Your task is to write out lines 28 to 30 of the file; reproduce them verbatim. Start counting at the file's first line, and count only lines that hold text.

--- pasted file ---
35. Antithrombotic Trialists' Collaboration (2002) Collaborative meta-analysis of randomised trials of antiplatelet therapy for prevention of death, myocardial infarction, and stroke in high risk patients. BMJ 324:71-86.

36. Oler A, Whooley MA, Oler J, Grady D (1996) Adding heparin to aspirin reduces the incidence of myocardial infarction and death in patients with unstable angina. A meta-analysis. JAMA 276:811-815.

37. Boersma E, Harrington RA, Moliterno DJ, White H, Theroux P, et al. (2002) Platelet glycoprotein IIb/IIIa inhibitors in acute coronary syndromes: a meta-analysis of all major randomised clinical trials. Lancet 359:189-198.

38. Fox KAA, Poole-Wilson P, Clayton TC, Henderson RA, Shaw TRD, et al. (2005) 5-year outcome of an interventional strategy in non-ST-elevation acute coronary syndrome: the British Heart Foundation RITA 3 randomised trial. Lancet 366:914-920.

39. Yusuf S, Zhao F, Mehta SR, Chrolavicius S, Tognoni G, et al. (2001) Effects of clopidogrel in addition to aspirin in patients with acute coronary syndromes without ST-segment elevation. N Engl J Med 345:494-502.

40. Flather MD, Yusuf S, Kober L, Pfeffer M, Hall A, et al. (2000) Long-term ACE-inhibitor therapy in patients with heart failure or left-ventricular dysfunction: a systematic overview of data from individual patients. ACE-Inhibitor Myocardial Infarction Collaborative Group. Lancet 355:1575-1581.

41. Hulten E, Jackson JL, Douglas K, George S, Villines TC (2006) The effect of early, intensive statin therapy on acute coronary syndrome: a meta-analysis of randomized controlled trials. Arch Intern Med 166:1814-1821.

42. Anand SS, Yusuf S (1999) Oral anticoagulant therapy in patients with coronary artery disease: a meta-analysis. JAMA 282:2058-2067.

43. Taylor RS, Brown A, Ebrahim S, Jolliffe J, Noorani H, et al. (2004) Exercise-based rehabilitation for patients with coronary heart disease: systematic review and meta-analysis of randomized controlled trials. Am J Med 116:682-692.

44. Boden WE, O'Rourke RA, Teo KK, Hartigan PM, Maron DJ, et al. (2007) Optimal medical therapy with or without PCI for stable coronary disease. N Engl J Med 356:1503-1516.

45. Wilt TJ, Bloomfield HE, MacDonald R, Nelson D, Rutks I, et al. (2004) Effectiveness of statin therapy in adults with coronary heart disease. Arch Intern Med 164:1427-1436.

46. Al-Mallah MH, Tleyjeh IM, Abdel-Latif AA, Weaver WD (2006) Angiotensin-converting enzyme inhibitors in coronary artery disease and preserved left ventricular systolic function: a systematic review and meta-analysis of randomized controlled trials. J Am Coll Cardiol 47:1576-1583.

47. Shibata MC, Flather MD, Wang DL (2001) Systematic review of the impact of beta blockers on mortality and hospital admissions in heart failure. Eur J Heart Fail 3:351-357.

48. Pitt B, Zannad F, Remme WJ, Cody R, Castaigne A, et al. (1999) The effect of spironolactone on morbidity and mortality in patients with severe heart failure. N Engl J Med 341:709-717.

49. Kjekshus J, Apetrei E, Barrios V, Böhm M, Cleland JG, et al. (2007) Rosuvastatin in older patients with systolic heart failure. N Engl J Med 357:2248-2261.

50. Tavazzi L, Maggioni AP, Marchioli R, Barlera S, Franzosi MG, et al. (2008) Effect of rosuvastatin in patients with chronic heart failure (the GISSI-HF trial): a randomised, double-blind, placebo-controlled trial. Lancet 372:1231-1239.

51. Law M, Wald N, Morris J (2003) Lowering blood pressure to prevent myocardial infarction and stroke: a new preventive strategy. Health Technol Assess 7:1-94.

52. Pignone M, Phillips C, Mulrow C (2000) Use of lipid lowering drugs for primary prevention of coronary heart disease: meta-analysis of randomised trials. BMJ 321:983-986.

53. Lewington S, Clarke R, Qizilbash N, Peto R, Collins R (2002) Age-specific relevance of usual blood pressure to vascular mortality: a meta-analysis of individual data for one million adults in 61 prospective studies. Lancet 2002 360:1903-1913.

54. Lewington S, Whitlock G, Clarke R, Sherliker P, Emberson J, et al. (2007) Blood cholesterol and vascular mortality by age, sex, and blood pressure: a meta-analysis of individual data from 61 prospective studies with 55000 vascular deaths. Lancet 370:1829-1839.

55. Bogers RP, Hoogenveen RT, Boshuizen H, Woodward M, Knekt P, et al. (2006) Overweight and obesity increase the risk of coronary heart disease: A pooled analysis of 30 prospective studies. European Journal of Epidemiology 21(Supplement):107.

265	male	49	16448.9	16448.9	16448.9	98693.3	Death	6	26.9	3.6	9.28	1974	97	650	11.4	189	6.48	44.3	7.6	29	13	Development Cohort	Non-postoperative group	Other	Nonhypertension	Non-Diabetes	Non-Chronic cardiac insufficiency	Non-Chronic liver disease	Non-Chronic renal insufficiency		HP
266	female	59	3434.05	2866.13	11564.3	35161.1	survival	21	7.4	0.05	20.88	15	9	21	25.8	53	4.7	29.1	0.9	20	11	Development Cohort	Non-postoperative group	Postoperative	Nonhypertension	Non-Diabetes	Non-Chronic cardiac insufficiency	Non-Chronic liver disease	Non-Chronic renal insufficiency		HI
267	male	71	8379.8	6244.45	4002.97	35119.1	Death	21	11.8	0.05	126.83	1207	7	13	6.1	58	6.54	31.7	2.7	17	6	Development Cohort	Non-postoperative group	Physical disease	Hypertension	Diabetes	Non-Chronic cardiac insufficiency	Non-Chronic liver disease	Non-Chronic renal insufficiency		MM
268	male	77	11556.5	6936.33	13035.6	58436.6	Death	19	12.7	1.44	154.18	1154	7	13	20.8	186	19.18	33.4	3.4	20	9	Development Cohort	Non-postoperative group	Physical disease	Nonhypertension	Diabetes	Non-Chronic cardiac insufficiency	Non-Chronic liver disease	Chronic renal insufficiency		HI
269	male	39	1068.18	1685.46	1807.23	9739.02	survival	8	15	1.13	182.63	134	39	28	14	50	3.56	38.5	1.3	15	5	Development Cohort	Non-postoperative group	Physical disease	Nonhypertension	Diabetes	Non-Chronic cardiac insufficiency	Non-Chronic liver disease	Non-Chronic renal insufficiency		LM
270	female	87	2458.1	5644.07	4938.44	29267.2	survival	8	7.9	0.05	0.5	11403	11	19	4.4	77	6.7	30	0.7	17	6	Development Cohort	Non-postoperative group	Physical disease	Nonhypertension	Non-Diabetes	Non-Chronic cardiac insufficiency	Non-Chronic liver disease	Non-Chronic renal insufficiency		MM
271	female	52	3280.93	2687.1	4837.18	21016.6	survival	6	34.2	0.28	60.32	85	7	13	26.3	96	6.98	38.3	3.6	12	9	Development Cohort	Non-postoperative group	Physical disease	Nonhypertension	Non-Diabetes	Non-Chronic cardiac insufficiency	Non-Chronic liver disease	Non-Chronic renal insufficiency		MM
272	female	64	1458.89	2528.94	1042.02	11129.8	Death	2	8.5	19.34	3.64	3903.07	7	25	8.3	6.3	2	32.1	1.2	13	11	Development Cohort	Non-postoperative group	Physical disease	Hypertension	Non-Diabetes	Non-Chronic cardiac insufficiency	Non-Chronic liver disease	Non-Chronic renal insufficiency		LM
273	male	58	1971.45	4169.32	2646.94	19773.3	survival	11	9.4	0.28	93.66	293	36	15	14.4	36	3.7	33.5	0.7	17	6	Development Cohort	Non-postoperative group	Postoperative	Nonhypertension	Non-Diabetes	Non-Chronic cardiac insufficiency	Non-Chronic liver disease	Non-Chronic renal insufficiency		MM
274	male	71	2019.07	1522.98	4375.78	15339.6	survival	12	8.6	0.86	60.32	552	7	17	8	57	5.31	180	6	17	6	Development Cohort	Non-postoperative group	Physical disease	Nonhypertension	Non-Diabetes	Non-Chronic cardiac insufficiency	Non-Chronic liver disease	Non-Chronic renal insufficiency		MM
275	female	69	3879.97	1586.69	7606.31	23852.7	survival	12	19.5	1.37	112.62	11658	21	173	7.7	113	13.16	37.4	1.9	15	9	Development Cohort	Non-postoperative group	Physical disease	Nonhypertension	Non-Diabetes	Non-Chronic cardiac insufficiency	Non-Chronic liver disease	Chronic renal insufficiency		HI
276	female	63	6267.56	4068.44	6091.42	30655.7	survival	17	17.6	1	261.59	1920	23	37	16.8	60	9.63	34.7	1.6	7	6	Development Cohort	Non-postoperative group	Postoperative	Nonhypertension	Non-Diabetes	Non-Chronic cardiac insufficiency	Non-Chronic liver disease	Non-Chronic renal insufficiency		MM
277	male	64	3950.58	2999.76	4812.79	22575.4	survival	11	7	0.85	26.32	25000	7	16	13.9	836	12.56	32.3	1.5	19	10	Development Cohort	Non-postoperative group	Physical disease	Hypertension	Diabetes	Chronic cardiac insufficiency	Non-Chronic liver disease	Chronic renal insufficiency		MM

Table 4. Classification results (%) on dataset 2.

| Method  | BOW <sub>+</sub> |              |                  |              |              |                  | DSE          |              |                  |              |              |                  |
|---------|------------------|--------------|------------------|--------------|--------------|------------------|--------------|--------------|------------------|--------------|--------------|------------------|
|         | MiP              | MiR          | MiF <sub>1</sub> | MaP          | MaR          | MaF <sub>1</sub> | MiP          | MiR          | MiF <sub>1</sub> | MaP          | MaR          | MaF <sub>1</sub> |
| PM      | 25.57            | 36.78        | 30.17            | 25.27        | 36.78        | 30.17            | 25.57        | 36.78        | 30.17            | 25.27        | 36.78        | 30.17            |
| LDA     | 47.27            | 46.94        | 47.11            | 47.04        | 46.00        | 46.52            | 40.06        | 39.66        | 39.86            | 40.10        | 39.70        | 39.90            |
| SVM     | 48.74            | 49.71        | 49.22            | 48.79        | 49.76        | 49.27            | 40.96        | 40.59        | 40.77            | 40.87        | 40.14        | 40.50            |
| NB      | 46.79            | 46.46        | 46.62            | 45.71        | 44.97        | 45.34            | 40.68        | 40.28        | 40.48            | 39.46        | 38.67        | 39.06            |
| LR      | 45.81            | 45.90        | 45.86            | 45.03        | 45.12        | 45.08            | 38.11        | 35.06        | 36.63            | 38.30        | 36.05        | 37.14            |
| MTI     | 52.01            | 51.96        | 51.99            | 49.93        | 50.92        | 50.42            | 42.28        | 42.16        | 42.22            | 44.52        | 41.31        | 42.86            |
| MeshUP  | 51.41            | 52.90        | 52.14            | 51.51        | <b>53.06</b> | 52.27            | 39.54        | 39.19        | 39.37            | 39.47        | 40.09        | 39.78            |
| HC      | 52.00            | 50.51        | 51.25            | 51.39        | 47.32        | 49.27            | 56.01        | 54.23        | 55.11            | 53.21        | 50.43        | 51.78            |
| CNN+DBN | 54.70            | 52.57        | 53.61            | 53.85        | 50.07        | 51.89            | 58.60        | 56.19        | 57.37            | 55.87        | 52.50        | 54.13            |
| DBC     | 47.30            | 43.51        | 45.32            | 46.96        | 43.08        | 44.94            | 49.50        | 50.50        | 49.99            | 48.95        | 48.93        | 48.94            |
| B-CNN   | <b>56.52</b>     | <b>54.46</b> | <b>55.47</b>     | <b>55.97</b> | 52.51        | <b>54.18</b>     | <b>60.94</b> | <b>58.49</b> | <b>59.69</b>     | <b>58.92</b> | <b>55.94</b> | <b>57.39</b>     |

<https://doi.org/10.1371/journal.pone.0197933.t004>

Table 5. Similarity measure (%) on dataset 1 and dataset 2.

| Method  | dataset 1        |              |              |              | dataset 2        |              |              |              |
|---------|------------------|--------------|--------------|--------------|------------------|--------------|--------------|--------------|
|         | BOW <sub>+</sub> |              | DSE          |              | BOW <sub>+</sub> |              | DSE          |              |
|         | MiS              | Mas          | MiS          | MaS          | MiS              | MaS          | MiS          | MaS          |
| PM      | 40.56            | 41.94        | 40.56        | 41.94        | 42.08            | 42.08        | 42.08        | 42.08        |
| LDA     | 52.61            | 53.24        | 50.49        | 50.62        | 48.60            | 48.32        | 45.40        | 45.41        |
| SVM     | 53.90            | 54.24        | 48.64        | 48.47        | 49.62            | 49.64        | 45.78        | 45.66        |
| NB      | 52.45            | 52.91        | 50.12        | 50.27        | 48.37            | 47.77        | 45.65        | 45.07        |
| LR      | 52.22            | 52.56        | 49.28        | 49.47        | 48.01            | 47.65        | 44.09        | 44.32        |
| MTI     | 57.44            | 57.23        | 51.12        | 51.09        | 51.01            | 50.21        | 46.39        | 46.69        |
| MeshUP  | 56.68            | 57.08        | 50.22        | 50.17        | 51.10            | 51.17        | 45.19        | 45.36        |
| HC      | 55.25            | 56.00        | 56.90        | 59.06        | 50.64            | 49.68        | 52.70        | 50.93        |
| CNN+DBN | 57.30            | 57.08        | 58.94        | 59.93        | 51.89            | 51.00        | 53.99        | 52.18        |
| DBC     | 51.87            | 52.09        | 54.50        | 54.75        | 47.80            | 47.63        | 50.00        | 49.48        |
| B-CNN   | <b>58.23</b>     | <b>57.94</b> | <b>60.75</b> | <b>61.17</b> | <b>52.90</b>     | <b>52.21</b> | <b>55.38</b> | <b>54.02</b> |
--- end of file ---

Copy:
271	female	52	3280.93	2687.1	4837.18	21016.6	survival	6	34.2	0.28	60.32	85	7	13	26.3	96	6.98	38.3	3.6	12	9	Development Cohort	Non-postoperative group	Physical disease	Nonhypertension	Non-Diabetes	Non-Chronic cardiac insufficiency	Non-Chronic liver disease	Non-Chronic renal insufficiency		MM
272	female	64	1458.89	2528.94	1042.02	11129.8	Death	2	8.5	19.34	3.64	3903.07	7	25	8.3	6.3	2	32.1	1.2	13	11	Development Cohort	Non-postoperative group	Physical disease	Hypertension	Non-Diabetes	Non-Chronic cardiac insufficiency	Non-Chronic liver disease	Non-Chronic renal insufficiency		LM
273	male	58	1971.45	4169.32	2646.94	19773.3	survival	11	9.4	0.28	93.66	293	36	15	14.4	36	3.7	33.5	0.7	17	6	Development Cohort	Non-postoperative group	Postoperative	Nonhypertension	Non-Diabetes	Non-Chronic cardiac insufficiency	Non-Chronic liver disease	Non-Chronic renal insufficiency		MM